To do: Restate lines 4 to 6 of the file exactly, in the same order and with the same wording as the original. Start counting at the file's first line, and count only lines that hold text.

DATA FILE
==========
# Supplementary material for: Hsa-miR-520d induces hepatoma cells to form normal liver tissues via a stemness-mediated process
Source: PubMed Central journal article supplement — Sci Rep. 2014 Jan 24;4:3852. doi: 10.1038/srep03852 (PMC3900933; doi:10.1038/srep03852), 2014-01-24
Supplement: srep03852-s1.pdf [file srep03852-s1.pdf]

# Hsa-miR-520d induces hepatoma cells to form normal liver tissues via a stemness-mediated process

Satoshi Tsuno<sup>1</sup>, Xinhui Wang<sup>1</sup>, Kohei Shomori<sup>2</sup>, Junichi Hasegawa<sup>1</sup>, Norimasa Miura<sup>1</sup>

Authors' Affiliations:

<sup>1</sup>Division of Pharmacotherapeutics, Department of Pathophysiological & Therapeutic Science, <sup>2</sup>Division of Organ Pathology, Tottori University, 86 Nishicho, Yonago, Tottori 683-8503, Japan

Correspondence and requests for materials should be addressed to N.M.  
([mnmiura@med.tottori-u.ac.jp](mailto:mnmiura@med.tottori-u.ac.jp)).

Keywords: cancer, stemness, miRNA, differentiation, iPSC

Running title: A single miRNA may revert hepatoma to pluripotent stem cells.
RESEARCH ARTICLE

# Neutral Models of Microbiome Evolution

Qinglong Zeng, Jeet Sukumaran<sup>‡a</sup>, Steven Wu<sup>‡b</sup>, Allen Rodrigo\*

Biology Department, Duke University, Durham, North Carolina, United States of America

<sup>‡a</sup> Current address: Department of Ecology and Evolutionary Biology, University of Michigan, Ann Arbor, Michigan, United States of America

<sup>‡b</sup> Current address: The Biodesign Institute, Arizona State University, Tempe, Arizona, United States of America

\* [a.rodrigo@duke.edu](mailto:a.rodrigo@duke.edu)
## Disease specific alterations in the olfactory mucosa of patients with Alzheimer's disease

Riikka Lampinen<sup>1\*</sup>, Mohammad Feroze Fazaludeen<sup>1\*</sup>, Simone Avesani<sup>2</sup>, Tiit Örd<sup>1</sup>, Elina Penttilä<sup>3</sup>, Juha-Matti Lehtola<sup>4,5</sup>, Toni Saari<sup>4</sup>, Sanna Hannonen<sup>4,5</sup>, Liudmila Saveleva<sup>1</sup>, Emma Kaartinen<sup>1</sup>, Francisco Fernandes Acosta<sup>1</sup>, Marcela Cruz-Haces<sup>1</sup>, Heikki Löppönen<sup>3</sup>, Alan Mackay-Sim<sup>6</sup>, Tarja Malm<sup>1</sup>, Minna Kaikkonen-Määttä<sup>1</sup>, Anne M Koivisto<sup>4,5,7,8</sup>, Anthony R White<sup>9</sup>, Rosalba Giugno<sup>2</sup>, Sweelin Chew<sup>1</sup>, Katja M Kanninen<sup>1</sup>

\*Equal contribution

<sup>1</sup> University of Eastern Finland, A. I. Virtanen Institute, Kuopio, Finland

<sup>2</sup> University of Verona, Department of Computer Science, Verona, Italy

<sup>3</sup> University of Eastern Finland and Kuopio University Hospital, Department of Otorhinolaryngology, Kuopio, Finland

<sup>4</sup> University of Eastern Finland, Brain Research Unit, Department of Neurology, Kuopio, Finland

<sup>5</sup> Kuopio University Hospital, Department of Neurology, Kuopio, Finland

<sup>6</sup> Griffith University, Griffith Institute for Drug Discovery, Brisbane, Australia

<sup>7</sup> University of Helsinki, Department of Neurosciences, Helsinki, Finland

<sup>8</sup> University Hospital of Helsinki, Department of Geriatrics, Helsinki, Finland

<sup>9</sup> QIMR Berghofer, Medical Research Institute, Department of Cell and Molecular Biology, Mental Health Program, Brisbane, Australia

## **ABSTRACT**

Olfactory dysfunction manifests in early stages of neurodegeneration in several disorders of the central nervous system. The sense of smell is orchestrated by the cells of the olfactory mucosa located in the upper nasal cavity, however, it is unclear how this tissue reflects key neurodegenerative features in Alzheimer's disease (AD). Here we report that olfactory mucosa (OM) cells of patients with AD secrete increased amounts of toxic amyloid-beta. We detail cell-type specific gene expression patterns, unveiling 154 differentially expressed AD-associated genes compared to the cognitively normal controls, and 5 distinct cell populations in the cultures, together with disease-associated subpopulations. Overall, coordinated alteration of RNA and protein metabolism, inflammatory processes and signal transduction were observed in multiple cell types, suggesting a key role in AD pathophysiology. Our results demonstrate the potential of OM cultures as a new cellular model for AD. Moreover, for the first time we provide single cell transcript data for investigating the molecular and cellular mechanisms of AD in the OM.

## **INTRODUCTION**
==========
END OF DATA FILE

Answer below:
# Hsa-miR-520d induces hepatoma cells to form normal liver tissues via a stemness-mediated process

Satoshi Tsuno<sup>1</sup>, Xinhui Wang<sup>1</sup>, Kohei Shomori<sup>2</sup>, Junichi Hasegawa<sup>1</sup>, Norimasa Miura<sup>1</sup>

Authors' Affiliations: